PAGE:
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Drill Instructors Fired From Prison Boot Camp In Wake Of Abuse Charges

June 10, 1992 GMT

HOUSTON (AP) _ Five sheriff’s deputies were fired after they were indicted for allegedly abusing inmates at a boot camp, beating them and pitting the inmates against each other for sport.

The Harris County grand jury on Tuesday exonerated two other deputies.

The five who were indicted were accused of violating civil rights in allegedly choking and beating inmates with their fists, feet and broomsticks, prosecutor Don Smyth said.

The accused men, all drill instructors, also allegedly ordered inmates to fight each other, staged a ″bull-in-the-ring″ game, where whole platoons of inmates were pitted against each other in a wrestling match, and forced inmates to run a gantlet of rows of belt-swinging inmates.

″It was put on for the enjoyment of the drill instructors - sort of like the Romans throwing Christians to the lions,″ Smyth said.

Chief Deputy Sheriff Tommy Thomas said state law required the deputies to be fired after their indictments. They could be rehired, however, depending on the outcome of their cases.

The five were Darryl Coleman, Benny Galindez, Alfonso Giraldo, W.D. Jones and Joe Anthony Saenz. Clint Greenwood, Giraldo’s attorney, said all five deputies denied the charges.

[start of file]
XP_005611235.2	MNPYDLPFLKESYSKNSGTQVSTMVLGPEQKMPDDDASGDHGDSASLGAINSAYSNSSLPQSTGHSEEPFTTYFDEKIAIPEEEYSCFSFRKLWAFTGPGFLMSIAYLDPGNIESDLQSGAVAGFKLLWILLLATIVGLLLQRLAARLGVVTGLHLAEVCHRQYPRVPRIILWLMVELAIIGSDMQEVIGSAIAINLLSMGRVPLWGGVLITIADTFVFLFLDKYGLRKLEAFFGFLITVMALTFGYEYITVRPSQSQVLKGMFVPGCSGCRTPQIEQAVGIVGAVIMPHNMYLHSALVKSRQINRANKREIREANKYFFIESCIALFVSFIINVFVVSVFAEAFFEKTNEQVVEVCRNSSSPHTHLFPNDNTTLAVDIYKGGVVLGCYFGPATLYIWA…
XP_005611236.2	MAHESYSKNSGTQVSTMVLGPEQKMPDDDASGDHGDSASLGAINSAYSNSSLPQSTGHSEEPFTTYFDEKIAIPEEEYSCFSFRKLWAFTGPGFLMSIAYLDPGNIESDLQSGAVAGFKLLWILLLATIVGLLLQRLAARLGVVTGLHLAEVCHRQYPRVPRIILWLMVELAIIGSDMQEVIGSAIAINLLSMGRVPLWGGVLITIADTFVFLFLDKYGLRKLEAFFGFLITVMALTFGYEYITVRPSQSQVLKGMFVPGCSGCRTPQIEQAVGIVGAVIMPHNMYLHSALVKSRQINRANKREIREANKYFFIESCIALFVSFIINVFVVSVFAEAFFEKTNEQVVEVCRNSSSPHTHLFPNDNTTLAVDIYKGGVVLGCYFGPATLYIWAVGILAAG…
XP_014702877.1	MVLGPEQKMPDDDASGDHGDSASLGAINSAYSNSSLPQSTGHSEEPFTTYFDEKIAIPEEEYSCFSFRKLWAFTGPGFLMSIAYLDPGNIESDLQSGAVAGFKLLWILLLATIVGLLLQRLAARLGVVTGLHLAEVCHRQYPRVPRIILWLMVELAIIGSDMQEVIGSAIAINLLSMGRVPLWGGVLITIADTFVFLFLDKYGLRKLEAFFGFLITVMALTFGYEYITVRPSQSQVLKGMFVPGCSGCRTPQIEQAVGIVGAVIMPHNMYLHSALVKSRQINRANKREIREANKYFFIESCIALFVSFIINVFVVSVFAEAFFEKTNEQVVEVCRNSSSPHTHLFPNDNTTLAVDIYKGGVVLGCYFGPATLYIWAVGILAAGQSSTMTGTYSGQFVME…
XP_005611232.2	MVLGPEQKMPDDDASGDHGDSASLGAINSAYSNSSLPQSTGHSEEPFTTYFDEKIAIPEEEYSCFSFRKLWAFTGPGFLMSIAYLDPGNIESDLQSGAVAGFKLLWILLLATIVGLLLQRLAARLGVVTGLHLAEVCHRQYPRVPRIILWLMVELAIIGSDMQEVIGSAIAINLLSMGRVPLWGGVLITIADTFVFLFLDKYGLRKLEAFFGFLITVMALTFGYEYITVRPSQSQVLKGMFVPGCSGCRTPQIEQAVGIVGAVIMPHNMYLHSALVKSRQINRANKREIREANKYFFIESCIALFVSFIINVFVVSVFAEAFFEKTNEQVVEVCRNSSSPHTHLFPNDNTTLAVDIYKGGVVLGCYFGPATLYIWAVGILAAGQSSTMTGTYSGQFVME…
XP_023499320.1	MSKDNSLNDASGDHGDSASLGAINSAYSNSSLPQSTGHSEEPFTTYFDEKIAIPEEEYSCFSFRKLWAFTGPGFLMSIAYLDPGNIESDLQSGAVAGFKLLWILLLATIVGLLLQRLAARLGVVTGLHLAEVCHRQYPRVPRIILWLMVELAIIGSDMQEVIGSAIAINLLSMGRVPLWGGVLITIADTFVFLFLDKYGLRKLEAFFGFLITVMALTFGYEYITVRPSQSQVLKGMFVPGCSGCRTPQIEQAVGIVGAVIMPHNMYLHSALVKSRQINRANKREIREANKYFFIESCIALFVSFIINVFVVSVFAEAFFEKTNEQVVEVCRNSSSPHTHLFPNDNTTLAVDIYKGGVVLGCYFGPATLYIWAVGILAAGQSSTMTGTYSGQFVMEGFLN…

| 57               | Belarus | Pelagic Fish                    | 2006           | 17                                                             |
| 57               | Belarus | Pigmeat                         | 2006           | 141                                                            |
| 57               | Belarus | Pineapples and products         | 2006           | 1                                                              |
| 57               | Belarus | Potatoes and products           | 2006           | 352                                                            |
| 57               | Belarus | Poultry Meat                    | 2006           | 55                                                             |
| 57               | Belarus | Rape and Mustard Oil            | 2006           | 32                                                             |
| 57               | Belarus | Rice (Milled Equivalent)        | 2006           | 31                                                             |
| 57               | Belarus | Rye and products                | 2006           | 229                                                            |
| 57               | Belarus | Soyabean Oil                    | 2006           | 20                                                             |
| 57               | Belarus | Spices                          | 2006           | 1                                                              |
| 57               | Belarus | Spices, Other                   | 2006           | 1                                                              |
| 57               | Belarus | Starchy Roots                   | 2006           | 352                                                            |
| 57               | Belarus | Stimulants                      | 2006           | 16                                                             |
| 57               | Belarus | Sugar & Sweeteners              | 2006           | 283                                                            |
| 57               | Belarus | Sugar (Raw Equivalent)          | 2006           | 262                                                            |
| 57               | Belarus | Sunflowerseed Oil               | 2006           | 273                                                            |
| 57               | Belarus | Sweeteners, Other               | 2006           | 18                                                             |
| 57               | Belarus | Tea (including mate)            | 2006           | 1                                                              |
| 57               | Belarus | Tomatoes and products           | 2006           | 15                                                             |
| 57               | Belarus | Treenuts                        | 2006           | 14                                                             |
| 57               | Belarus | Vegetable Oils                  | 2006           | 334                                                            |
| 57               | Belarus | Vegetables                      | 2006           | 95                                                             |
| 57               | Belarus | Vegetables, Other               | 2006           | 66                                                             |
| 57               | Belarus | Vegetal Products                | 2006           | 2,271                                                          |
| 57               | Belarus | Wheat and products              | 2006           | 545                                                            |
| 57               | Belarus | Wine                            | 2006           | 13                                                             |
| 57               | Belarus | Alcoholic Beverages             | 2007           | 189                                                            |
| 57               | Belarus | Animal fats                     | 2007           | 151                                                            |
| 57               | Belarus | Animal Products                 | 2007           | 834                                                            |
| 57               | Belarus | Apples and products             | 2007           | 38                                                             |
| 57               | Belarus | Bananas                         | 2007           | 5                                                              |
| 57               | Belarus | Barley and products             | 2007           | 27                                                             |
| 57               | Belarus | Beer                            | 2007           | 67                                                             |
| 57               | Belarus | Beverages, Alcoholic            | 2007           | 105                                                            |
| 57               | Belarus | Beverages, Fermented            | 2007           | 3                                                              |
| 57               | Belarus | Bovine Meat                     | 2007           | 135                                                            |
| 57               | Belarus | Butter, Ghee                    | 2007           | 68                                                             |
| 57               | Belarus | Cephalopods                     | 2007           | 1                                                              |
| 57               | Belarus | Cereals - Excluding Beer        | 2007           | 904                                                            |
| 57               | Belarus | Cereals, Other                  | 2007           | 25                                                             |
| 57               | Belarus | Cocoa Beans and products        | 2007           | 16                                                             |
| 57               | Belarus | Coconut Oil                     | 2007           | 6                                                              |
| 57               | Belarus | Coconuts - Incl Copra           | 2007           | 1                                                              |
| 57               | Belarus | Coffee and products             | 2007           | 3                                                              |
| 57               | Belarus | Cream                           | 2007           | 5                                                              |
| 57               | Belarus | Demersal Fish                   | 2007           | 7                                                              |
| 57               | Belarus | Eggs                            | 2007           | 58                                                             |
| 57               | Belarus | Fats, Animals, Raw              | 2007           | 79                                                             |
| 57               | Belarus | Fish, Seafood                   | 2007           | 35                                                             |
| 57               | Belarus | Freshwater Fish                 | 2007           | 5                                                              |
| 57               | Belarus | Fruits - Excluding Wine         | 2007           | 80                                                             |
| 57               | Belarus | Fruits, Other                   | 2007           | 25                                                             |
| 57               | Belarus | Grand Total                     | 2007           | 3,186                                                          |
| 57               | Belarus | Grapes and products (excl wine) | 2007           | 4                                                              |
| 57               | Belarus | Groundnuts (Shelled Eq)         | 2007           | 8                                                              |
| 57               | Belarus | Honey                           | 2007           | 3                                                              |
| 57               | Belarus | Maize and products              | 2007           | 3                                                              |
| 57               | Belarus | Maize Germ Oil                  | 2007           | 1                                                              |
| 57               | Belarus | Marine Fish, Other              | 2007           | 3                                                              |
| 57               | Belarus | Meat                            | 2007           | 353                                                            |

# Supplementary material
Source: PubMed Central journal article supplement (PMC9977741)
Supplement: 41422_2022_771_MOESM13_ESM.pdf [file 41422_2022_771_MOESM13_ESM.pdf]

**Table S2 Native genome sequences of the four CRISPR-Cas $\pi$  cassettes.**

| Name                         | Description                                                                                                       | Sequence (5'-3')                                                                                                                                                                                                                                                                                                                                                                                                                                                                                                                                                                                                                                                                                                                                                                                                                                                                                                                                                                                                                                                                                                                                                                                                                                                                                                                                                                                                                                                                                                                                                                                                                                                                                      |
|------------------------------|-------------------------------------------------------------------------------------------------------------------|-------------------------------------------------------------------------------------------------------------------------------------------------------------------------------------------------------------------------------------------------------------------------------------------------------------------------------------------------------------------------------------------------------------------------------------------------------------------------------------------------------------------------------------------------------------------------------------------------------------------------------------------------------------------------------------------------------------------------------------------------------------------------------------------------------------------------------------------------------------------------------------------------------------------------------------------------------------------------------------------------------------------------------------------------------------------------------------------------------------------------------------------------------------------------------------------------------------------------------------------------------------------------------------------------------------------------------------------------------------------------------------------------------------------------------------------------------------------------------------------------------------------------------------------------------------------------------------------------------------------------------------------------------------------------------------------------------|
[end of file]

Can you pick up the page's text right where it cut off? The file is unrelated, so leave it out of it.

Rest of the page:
″This is just like a lightning bolt out of the blue. They’re surprised and dumbfounded that they were singled out for doing the job that they were supposed to do,″ Greenwood said.

Court dates had not yet been set for the deputies, Greenwood said.

The year-old camp near Humble, which has a capacity of 350, is an alternative to prison for first-time felony offenders, men and women, ages 17 to 26. The inmates are subjected to a military-style regimen for 90 days then released to normal probation.

Accepted discipline at the camp includes calisthenics, push-ups, and unpleasant work assignments.

The indictments capped an investigation of the camp that began in March and heard testimony from 27 boot camp inmates. None complained about having to drill, exercise or take part in camp ceremonies, Smyth said.

″It was the physical abuse, not the physical training,″ he said. ″It was what they called ’the laying on of hands.‴

Smyth said treatment of camp inmates has apparently improved since the grand jury probe began. ″From what I’ve hard from probationers, the situation has improved markedly,″ he said. ″It’s as different as day and night.″

Of the more than 800 people sent to the camp, 92 percent are serving their probations with no trouble, Probation Department head Larance Coleman said.